Algebraic data types are types that are made by composing other data types, these are more familiar to people coming from Haskell or some other functional language, in Rust they are heavily used to provide nicer abstractions over common behaviour, let’s look at an example.

By far one of the two most used data type in Rust are in fact algebraic datatypes, the Option and Result types, The Option type is used when an operation can compute some data and returns it, or it can’t, and therefore returns nothing, it’s defined in the standard library roughly like this:

pub enum Option {
  Some(T),
  None,
}

The nice things about this + There are no NULL pointers, when a function is written like:

pub fn do_something(a: u32) -> Option  {
...
}

The caller should handle the return value as an option, thus the caller cannot forget to check if the value can be computed or not, and therefore, you get safer code at compile time. This also gives birth to some nice syntactic features, such as:

if let Some(res) = do_something(42) {
  // This will get executed if a value is returned. 
  // i.e this will not execute if the do_something function returned None.
}

or

let res = match do_something(42) {
  Some(u) => u,
  None => default_value,
}
// res here will always contain some value that you can work with.
  • And What’s even cooler is that the match statement is not just a syntactic sugar, Imagine writing a new Algebraic data type with 3 possible outcomes and used your match statement as shown in the example above, after a while another developer added another possible outcome to that data type, and forgot to handle it in all of the places using this type, in another language this will only surprise you at runtime, at some code path, but with Rust, your code won’t even compile, and the compiler will complain that you didn’t handle all the outcomes and that you should handle it, i.e if your match is not exhaustive your code does not compile, How cool is that. There is more to this section, You can read more in the Book linked below.

Modern tooling

I think the toolchain that comes with Rust is quite impressive, and I’ll try to explain why: - It’s unified: All rust crates uses the same build system Cargo. A lot of the pain of having to deal with a language with heterogenous ecosystem with a lot of build systems just goes away. - Cargo knows about Tests and Docs: Testing is built in into the language, and most of the crates that you will find on the internet has some form of unit tests, because it’s easy to write and integrate well with your existing code.

  /// This is a doc test
  ///
  /// ```
  /// assert_eq!(1, get_one(1));
  /// ```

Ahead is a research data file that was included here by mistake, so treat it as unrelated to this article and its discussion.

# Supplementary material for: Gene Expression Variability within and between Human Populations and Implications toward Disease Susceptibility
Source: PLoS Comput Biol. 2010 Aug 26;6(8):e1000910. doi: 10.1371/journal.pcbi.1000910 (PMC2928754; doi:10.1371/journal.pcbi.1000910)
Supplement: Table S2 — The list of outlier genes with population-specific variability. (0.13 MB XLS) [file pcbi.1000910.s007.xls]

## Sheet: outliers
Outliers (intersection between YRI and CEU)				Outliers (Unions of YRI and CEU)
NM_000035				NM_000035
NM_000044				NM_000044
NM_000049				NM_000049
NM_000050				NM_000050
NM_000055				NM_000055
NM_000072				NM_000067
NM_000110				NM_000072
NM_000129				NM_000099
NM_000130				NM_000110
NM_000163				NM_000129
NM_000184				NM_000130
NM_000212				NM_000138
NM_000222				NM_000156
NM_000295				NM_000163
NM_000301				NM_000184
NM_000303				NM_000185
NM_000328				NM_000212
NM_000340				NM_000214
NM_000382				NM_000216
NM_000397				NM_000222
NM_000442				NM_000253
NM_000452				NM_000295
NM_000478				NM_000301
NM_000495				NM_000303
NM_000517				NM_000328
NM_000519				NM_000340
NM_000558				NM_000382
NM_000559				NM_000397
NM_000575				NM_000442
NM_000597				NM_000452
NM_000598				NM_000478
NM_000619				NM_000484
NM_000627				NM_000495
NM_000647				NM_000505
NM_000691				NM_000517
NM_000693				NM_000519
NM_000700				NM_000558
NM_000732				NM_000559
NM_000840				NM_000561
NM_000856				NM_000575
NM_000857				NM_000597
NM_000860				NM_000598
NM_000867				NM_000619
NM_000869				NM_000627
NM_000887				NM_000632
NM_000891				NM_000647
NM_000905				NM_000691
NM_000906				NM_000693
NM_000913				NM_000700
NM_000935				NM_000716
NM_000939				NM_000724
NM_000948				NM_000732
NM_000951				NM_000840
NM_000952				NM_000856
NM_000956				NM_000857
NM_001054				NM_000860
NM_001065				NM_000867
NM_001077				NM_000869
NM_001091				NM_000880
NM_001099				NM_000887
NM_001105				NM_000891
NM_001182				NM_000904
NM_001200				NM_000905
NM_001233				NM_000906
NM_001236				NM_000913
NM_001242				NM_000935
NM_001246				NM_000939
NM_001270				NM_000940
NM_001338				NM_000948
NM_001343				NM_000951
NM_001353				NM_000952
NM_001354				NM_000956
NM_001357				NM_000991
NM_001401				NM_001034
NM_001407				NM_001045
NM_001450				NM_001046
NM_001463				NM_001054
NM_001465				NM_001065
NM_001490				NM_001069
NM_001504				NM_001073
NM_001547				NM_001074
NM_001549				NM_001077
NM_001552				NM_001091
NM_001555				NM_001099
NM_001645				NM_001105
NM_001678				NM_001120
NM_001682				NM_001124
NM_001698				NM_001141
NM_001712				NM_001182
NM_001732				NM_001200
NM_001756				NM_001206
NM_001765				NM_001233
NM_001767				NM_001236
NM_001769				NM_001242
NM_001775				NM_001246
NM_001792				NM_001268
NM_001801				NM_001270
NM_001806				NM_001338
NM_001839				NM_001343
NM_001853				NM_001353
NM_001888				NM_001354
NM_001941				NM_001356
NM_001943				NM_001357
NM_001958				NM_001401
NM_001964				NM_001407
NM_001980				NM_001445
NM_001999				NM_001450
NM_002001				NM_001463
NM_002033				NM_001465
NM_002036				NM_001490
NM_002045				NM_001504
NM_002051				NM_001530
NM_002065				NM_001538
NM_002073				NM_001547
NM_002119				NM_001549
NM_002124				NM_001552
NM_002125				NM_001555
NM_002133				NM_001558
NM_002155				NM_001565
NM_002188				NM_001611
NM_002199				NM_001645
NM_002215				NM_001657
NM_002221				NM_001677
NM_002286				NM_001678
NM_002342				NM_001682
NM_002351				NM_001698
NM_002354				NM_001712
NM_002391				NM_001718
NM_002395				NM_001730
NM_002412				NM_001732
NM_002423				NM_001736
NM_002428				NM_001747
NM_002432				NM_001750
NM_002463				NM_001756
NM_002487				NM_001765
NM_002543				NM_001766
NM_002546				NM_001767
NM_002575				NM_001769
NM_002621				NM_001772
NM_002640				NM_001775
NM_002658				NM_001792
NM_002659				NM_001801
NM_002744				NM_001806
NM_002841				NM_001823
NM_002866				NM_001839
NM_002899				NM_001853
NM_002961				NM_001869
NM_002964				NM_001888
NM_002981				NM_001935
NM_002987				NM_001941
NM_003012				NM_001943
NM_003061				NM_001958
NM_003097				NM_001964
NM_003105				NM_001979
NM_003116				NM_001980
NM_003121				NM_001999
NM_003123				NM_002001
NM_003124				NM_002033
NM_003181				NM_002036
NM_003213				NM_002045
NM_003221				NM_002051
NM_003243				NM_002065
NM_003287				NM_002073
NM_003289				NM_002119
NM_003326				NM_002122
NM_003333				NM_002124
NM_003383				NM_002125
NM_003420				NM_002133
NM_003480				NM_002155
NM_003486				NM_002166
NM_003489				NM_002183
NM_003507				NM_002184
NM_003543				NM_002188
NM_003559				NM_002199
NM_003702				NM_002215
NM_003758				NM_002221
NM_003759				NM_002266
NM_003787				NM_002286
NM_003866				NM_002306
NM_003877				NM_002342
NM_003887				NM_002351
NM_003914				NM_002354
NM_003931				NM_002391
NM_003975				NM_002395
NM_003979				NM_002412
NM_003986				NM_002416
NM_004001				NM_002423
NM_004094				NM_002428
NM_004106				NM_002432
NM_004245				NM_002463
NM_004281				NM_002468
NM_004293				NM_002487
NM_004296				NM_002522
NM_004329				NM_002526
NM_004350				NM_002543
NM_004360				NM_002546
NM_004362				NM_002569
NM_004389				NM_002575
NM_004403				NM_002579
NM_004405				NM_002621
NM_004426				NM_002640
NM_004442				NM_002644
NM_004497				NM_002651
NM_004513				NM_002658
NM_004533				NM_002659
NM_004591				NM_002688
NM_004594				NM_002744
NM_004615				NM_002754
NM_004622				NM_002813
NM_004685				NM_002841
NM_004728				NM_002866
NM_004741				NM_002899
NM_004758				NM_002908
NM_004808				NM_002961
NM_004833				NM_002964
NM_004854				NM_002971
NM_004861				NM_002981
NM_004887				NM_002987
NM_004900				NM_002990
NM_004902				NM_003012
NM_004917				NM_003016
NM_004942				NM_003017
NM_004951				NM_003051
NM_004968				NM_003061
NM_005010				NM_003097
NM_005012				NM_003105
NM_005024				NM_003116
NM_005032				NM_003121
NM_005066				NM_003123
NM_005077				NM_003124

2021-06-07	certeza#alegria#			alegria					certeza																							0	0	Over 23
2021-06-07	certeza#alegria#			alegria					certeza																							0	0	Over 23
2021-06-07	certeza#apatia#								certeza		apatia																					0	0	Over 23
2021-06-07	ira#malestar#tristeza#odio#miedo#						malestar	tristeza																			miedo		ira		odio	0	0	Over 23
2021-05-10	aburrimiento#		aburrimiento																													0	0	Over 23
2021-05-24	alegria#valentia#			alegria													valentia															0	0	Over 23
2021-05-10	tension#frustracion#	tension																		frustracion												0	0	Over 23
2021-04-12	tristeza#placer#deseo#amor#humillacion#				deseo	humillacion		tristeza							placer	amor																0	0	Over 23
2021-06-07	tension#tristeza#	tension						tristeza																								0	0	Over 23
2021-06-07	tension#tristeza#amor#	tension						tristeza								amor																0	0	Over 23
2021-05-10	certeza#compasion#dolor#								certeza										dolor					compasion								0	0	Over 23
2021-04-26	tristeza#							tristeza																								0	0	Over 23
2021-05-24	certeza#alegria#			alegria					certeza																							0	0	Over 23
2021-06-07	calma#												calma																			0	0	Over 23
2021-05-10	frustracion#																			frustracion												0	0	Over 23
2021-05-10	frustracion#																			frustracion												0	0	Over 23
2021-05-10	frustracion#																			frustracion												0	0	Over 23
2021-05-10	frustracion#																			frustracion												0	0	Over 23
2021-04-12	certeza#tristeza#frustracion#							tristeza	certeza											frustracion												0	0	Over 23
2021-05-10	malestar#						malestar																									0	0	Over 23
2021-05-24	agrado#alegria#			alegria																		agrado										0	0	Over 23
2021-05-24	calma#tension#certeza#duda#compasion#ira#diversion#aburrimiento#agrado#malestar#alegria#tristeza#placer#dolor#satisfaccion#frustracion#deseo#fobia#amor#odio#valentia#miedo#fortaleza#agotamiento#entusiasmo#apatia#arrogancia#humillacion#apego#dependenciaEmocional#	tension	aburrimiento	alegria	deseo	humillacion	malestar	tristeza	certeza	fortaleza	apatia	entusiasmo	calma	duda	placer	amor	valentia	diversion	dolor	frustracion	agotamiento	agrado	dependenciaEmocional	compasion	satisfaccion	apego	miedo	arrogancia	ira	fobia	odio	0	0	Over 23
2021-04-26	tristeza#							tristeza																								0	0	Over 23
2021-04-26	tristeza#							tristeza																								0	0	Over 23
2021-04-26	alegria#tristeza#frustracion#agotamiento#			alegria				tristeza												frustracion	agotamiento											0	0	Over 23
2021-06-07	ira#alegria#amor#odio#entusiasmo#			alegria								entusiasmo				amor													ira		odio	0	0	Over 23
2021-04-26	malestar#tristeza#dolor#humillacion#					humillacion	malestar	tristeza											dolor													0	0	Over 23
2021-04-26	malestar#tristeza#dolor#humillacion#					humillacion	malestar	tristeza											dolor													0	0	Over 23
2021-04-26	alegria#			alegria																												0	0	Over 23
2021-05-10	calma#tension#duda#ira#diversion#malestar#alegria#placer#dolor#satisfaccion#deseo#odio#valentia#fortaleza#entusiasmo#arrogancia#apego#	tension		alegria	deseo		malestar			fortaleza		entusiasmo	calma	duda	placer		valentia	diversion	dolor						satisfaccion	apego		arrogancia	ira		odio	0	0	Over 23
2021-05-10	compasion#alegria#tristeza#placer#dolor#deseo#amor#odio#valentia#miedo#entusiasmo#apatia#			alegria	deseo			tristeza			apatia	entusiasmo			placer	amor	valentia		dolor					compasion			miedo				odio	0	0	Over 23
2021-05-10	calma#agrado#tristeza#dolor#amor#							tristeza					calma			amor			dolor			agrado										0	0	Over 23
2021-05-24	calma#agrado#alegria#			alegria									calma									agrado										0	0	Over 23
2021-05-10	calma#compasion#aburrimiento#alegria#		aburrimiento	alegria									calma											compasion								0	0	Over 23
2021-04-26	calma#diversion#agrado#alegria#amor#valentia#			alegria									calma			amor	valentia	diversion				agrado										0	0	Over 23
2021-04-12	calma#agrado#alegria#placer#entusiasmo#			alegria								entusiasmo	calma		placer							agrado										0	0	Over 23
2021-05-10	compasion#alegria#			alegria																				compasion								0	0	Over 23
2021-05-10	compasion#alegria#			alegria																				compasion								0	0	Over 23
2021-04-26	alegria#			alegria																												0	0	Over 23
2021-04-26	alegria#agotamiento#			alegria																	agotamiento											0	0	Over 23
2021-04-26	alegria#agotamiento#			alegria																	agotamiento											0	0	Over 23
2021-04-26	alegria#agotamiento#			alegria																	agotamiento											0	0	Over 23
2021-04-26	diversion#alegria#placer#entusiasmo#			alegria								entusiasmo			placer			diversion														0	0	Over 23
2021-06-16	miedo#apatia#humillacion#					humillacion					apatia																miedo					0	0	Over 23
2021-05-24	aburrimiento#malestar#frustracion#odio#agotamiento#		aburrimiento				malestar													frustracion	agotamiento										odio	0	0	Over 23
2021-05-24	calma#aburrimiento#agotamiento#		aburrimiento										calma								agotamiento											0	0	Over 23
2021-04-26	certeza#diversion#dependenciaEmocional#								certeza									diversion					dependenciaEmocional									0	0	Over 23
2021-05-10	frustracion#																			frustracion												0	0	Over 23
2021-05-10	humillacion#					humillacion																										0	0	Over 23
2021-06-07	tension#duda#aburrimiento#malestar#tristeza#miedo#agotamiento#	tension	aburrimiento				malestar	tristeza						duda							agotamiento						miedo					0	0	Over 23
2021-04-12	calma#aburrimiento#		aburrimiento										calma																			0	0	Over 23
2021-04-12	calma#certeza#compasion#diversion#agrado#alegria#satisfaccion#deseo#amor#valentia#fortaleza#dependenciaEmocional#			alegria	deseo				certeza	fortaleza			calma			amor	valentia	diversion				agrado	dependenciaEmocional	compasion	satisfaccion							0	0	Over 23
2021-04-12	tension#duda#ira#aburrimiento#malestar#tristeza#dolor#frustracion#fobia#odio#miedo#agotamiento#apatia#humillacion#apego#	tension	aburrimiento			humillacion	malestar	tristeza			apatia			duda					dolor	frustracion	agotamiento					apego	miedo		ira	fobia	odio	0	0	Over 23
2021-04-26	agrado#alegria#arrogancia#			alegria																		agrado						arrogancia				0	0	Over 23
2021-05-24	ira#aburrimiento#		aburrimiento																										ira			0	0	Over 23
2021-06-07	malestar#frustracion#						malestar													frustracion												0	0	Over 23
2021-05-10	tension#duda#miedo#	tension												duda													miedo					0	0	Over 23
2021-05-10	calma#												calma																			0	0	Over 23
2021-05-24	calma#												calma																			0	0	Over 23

fn get_one() -> usize {
    1
  }
  #[test]
  fn test_get_one() {
    assert_eq!(1, get_one());
  }

Documentation is also recognized, and Cargo can generate the documentation of all your crate and link to types in the standard library with their documentation, or types from third party dependencies in a seemless manner.

The language also supports a very cool feature, doc tests, your examples in the documentation of your crate are treated as tests, and if after some update they don’t work (breaking API change), the build fails automatically, which forces the documentation to be always up to date.

Low level code

  • Rust is a System’s programming language, This is somewhat vague, and does not mean that you can’t use it to build your next web app, but it mainly means that’s it’s suited to be deployed on machines with no dependencies, Rust does not need a Runtime, GC nor an OS for that matter, you can run Rust on embedded devices, create your own operating system, write device drivers … with all the safety guarantees that the language provides (well most of the time…).

Conclusion:

  • Rust is a very interesting language, with a lot of potential, the community is still small (yet very active), the adoption is getting better, and I think we will see a lot more of Rust in industry in the years to come.
  • On the other hand Rust can be quite a pain to learn even if you are an experienced developer is some other language, and it’s even harder for people with no programming experience, that’s why I think other similar languages such as Go got adopted quickly,

Resources:

In this section I tried to compile a bunch of links that might help when trying to learn/understand the things mentioned above, feel free to read at your own pace. - The Rust book - The Rust cookbook - Zero cost abstractions - Crates repository - Collection of exercises - Collection of resources for more idiomatic rust code